“My first purchase started as a means of self-protection, and I am still learning the self-protective aspects, but now I intend to start doing some steel-shooting competitions,” said Dana Cerbone, a native of Long Island, N.Y. “Shooting sports offer me something entirely new, and I just started shooting clays. I’m enjoying it as a sport.”
Dana highlights that while she was never anti-gun—as she recalls shooting BB guns as a kid—it was just something she never felt the need to learn herself. Fast-forward to high school, and Dana became heavily involved in martial arts. “I was really into the whole idea of self-defense, so I never felt super vulnerable. But now I am 54 years old and have psoriatic arthritis, which has been very bad for the last couple of years. And my mobility at times is, you know, that of an old lady,” said Dana. “Sometimes I walk hunched over. I have a limp. I have difficulty walking. So, I have felt vulnerable in a way I never have.”
These woes, coupled with the persistent threat of today’s wayward and unpredictable world, prompted Dana to follow up on a posting she came across last year for a women’s training class near her home. Under New York’s stringent gun-control regime, Dana has only been allowed to buy a shotgun, thus far, but she hopes to soon acquire a concealed-carry permit.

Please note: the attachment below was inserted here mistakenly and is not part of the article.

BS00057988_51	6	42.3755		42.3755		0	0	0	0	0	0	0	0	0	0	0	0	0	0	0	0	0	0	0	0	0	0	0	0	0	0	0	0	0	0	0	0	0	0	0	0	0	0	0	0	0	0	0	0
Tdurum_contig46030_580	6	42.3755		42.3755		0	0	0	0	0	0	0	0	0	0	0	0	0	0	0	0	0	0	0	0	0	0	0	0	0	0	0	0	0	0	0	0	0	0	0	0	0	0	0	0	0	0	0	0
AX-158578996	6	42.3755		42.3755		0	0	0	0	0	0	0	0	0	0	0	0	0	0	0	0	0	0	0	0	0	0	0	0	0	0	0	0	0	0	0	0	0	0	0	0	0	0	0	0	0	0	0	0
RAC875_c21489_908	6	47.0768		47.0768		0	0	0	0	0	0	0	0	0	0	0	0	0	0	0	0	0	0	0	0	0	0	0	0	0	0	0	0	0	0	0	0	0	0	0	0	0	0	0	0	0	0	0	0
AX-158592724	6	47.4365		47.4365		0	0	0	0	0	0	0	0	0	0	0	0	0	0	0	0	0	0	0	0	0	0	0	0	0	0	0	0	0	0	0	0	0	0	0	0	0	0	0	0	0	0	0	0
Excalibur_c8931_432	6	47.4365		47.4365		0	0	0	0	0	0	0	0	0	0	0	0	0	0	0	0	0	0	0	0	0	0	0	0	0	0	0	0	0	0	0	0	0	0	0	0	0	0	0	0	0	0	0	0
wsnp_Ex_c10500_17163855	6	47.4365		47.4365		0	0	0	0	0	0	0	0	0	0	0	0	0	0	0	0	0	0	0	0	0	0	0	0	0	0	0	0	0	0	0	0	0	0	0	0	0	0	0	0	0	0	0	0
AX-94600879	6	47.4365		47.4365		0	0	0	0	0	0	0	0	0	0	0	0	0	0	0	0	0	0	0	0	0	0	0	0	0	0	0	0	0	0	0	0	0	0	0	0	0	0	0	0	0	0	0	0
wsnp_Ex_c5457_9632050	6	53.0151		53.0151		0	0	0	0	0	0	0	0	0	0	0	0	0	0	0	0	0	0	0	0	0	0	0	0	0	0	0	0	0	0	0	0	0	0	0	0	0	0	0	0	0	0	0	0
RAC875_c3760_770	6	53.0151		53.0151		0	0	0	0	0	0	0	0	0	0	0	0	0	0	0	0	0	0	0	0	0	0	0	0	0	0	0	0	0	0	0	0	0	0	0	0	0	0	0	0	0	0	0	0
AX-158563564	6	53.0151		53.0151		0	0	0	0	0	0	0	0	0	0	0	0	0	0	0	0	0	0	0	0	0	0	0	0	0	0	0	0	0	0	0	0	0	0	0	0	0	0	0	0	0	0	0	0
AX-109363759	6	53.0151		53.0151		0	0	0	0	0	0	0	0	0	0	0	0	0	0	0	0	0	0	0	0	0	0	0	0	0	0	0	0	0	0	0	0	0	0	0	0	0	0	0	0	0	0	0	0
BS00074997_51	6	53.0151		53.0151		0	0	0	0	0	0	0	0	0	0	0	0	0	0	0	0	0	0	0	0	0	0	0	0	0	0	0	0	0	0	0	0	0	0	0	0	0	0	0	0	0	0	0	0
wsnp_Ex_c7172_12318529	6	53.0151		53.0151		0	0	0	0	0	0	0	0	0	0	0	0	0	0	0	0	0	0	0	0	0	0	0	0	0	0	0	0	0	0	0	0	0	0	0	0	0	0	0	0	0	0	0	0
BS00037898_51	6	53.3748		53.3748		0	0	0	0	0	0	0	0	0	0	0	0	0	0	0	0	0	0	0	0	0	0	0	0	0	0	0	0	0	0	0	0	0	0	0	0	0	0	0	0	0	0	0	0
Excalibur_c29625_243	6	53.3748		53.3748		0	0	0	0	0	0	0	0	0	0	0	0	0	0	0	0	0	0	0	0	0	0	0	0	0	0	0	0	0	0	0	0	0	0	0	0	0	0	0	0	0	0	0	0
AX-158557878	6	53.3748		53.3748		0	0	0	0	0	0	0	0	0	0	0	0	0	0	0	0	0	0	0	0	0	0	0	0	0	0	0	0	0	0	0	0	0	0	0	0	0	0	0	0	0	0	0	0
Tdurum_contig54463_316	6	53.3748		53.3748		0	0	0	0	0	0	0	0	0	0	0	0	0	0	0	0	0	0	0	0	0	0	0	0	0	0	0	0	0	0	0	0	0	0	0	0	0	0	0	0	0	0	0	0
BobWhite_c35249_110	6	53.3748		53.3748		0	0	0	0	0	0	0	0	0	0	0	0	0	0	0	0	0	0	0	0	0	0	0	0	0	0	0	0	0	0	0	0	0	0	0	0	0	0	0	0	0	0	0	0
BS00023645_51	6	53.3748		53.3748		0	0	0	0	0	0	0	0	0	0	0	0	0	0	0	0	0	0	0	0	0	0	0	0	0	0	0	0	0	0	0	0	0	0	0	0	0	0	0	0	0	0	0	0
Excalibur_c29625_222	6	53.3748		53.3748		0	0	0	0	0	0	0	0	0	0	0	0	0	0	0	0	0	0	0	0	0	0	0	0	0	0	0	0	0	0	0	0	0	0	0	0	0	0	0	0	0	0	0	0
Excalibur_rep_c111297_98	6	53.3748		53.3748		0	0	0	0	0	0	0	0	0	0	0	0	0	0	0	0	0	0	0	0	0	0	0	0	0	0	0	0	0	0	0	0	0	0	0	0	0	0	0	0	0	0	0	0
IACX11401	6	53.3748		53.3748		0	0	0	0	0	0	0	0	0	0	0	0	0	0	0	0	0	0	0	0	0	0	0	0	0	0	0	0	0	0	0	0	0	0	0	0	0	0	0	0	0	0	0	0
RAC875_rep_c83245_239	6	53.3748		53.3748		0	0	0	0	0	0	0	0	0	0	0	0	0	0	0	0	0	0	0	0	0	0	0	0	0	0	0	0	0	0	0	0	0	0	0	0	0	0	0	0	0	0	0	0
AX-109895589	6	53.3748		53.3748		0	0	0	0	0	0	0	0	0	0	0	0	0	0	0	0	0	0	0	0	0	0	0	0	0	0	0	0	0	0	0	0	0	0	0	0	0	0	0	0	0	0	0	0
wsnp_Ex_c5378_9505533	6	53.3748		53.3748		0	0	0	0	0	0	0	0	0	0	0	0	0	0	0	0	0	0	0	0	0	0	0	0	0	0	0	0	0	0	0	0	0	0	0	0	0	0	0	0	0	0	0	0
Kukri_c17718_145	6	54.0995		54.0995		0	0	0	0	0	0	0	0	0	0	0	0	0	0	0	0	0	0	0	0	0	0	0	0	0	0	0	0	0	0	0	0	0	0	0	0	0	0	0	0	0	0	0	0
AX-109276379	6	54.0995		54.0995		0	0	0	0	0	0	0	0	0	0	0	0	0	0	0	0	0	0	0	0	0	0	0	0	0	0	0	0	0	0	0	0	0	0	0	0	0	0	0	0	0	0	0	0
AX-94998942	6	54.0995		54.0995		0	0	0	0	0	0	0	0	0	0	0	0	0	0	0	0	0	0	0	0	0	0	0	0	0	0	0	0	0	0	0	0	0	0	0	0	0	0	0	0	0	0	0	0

Newcomers utilizing their Second Amendment rights may prove to be the most-prominent advocates for it going forward. All the people quoted here—and many others interviewed—said they now see guns, and this constitutional right, differently. They have become proponents of our right to keep and bear arms. Many explained that they now know they can defend themselves until help arrives and that they don’t want to go back to helplessness.
In fact, many said they have been surprised by how friendly and welcoming gun owners and trainers are. “Every person I have met in what folks call the ‘gun community’ has been wonderful, and these are people I would never have crossed paths with otherwise. I love that it is a very safe environment regarding gun safety. It is a community that has made me feel secure,” said Dana. “And in terms of being a woman and arming oneself, it can certainly be a scary endeavor. But there is a community to help you learn the right way.”